After a bit of time into the game, a large variety of worlds become available to you offering many quests, mini-games and even tournaments to enter. The camera will always be a bit of pain, but after a while it is something that can be gotten used to and the “lock-on” button soon becomes a player’s best friend. If playing on easy or medium difficulty, Donald and Goofy are pretty helpful but the AI is not the best it could be and giving them health items is a sure way to lose them fast as even the smallest hit will cause them to drain a potion or two.
One aspect I would have liked to have seen with the Final Mix of the game is a current objectives list. Too often, when distracted by long combat sections or trying to get a chest just out of reach, I found I had forgotten what I was meant to be doing to progress. A little reminder on the pause menu would have been very helpful. I remember this being a problem I had with the original game back in 2002, and with no YouTube guides back then to show you what to do next, it was a case of keep running around until something new happened! But, having not played the rest in the series yet, this may well have been implemented in later installments.
All in all though, the gameplay is pretty straightforward once you have experimented and found your own play style. Whether you prefer strength and brute force, or if you like to use magic to get you through tough situations, most of the time you will find it is a fun experience.
What Kingdom Hearts lacks in gameplay mechanics, it makes up for with it’s look and style. When the vanilla Kingdom Hearts was released, it was on the fantastic PlayStation 2 system and for what that machine was capable of, the game looked pretty incredible. I can understand why it was selected to be remastered in HD twice! Every world you visit has captured the essence of the Disney film it was taken from.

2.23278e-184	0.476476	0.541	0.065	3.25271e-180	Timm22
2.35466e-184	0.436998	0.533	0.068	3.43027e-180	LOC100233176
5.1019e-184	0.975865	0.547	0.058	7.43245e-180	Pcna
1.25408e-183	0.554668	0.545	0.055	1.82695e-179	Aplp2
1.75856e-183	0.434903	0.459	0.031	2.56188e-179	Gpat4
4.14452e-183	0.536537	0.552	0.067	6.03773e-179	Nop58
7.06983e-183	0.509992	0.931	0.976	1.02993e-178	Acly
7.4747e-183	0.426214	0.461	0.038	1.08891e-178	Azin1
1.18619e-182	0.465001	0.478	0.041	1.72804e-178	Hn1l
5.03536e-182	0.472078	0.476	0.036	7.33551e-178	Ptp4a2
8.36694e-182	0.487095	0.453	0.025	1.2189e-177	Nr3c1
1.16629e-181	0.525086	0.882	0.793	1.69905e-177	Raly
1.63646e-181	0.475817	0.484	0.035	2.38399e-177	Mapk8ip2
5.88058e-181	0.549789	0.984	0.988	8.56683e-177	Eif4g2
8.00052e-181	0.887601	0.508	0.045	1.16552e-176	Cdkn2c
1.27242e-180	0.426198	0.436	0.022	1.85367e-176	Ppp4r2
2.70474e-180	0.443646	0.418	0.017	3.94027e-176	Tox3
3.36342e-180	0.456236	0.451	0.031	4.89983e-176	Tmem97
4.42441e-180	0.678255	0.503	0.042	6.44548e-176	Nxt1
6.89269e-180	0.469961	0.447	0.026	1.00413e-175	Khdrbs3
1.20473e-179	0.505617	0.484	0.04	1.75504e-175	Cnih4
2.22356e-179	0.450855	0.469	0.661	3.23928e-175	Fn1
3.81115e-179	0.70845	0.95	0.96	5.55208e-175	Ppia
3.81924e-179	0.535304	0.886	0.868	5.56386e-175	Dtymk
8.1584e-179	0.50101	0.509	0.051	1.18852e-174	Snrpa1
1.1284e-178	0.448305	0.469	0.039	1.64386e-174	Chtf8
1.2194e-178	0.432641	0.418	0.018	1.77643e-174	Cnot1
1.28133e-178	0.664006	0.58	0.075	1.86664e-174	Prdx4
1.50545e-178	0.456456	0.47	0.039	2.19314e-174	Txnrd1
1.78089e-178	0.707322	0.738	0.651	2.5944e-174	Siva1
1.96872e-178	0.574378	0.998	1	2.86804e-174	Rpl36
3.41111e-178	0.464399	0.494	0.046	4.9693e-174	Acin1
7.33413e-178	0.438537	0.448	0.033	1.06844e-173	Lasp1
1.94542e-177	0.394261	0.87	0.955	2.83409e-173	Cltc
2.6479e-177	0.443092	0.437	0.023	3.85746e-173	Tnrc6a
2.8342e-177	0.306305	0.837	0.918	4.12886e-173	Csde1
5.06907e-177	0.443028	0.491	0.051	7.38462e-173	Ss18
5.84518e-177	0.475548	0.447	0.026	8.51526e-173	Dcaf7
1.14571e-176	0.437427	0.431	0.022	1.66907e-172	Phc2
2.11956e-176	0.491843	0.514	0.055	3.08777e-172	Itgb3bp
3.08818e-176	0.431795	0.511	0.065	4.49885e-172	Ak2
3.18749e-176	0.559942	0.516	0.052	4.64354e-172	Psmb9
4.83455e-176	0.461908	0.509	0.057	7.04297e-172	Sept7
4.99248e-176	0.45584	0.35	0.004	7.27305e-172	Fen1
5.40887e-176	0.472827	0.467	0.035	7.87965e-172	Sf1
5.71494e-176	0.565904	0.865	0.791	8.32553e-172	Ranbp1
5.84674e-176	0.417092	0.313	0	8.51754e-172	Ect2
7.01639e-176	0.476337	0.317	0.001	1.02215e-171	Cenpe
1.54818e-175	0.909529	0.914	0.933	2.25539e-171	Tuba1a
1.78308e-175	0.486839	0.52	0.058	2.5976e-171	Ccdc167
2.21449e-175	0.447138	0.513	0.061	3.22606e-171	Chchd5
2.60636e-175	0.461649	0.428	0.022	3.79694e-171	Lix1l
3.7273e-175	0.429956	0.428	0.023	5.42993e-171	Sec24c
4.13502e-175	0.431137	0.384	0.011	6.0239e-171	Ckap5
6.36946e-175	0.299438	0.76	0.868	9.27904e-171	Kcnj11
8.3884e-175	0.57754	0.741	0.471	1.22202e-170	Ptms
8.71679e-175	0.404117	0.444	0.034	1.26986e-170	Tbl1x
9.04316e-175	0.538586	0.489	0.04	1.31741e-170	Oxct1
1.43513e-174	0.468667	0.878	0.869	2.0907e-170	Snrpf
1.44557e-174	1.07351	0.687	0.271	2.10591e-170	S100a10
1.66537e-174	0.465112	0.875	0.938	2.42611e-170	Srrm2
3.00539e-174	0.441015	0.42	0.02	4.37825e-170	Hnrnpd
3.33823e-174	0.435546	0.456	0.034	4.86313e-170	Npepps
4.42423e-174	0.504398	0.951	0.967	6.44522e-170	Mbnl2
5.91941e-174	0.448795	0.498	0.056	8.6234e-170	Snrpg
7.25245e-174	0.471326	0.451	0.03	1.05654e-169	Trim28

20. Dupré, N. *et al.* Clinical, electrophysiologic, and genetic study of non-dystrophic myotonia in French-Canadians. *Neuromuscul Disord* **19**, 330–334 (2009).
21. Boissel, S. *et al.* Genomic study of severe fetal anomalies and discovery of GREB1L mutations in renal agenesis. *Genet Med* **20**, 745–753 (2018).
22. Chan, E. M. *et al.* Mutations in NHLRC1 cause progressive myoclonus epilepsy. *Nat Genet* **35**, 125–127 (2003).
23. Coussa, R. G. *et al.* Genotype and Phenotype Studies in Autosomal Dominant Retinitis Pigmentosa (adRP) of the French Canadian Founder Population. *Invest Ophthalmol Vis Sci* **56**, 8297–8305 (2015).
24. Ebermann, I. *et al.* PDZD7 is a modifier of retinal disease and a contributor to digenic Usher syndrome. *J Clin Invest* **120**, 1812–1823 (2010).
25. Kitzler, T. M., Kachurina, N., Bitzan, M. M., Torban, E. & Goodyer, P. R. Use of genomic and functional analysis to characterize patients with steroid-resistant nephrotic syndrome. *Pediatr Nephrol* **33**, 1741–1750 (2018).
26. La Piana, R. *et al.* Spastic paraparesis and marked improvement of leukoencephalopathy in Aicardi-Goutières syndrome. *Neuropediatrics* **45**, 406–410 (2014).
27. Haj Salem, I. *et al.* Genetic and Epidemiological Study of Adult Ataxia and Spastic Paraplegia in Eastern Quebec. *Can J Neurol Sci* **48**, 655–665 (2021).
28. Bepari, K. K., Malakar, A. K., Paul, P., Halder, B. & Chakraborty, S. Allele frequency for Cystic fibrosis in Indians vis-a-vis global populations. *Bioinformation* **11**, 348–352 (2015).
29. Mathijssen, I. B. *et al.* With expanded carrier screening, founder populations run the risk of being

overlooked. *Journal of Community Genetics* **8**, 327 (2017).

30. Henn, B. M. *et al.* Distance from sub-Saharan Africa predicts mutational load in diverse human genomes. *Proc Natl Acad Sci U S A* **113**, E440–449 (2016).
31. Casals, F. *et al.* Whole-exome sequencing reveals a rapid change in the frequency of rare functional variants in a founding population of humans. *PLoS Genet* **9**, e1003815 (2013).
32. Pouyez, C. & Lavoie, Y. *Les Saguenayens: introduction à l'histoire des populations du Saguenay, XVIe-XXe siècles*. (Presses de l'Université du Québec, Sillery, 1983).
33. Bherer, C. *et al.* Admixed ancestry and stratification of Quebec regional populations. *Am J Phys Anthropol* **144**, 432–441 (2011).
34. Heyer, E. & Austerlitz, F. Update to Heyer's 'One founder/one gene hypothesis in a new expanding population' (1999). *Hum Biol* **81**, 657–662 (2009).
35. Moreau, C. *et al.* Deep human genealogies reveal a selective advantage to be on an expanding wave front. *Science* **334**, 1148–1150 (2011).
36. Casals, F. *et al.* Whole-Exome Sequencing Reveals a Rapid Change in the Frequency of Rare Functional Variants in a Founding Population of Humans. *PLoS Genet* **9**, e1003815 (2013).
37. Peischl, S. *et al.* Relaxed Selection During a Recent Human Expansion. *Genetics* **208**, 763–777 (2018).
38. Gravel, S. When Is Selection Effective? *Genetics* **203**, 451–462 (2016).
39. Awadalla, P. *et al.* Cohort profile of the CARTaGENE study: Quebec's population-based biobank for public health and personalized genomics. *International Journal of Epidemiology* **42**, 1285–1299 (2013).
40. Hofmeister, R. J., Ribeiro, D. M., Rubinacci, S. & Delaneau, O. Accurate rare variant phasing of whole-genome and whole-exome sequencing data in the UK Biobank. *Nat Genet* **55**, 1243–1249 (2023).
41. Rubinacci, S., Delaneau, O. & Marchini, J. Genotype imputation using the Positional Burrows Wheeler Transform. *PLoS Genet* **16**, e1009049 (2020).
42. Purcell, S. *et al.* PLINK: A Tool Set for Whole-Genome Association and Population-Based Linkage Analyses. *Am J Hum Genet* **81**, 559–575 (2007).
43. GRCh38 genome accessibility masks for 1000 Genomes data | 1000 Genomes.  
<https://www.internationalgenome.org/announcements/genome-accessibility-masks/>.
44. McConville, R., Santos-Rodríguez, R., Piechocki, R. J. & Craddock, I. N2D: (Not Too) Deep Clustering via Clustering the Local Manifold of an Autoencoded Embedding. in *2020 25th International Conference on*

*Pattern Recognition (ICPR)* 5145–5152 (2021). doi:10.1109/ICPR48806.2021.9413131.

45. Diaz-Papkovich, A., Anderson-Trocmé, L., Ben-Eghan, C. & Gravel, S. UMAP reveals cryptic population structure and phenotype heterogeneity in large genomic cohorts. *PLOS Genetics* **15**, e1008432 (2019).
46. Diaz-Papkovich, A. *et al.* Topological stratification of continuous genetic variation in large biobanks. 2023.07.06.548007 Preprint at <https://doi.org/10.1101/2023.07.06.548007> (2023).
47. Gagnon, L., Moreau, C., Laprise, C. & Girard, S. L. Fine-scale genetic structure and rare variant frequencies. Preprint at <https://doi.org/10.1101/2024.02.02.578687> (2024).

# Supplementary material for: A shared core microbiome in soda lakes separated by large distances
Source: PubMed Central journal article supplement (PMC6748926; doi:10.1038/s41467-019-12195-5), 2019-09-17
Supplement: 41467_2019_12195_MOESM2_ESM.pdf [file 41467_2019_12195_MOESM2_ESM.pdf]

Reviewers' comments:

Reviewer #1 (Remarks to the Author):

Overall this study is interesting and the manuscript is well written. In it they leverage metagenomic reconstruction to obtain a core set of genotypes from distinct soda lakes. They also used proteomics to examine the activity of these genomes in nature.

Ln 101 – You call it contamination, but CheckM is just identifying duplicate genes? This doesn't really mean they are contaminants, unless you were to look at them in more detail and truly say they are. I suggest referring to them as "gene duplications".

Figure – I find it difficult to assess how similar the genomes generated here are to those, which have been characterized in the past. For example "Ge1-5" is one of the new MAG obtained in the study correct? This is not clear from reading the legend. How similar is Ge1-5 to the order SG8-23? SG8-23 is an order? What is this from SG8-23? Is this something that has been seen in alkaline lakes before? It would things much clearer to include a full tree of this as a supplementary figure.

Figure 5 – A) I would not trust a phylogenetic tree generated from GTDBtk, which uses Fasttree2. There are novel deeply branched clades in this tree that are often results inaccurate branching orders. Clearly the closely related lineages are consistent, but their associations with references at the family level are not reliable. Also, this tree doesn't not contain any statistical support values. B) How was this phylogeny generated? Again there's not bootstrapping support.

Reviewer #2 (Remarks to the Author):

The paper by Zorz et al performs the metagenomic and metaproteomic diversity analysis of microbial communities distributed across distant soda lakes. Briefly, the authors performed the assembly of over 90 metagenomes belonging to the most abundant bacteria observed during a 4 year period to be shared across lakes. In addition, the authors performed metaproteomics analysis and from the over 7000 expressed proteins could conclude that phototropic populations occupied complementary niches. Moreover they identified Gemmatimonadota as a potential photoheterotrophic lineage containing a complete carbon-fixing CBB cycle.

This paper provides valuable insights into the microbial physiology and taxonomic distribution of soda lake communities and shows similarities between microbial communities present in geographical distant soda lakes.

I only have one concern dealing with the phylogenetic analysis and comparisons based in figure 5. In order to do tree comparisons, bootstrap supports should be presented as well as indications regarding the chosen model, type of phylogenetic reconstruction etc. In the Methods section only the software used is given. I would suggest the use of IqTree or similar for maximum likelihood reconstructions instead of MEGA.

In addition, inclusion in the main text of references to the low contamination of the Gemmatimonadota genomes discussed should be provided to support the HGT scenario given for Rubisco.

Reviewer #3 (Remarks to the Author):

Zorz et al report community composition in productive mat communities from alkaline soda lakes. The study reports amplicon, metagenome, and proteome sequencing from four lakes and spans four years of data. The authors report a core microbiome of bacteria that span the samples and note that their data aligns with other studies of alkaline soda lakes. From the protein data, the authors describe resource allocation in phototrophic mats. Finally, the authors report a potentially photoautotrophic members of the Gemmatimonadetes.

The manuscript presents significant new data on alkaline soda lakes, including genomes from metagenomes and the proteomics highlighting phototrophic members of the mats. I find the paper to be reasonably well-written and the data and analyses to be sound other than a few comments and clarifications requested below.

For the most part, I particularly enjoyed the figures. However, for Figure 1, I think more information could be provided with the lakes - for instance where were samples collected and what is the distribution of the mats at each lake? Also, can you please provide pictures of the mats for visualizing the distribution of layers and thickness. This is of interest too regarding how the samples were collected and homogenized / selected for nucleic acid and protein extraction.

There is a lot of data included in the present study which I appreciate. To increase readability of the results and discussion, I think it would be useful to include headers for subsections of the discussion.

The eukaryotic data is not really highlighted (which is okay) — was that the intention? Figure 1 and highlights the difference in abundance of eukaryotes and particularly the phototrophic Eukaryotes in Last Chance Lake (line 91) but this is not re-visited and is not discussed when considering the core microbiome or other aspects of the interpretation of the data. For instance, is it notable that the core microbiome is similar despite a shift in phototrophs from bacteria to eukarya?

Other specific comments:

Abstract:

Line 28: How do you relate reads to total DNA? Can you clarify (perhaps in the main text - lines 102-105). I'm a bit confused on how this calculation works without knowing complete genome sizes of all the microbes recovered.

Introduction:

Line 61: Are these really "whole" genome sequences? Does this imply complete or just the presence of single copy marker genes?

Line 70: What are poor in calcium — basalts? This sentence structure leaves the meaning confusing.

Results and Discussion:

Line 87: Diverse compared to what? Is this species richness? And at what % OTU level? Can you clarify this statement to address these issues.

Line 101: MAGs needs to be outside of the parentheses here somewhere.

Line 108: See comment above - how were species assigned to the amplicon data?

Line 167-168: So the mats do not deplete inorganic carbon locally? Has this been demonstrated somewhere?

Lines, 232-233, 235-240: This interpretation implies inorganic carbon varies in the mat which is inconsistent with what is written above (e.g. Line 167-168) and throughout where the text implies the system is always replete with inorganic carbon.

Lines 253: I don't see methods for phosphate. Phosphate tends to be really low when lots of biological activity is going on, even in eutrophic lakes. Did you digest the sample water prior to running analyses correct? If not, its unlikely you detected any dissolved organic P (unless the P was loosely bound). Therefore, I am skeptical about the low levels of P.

From Wonderland to Agrabah and Atlantica to Hallowe’en Town, the settings are beautifully designed to capture the Disney magic while injecting the brooding, self-important grandeur of the Final Fantasy series. These amazing artistic visuals upgraded to HD is like watching your favourite Disney movies remastered as is the popular trend in current years.
The real highlight though has to be Hallowe’en Town from The Nightmare Before Christmas. The developers really captured the brilliant aesthetic of the film, so much so that instead of just putting Sora, Donald and Goofy into the world as they are, like in most of the other worlds, they’re given a whole spooky wardrobe to blend in. And blend in they do!
The games biggest let down in terms of the visuals, in my opinion, are the Gummi Ship sections. The ship itself looks extremely basic, made up with very bad looking building blocks. The space sequences feel a tad out of place as you fly through various obstacles that don’t seem to have any real purpose to be there. The space rocks I can understand, but rings and square blocks are a bit hard to explain away.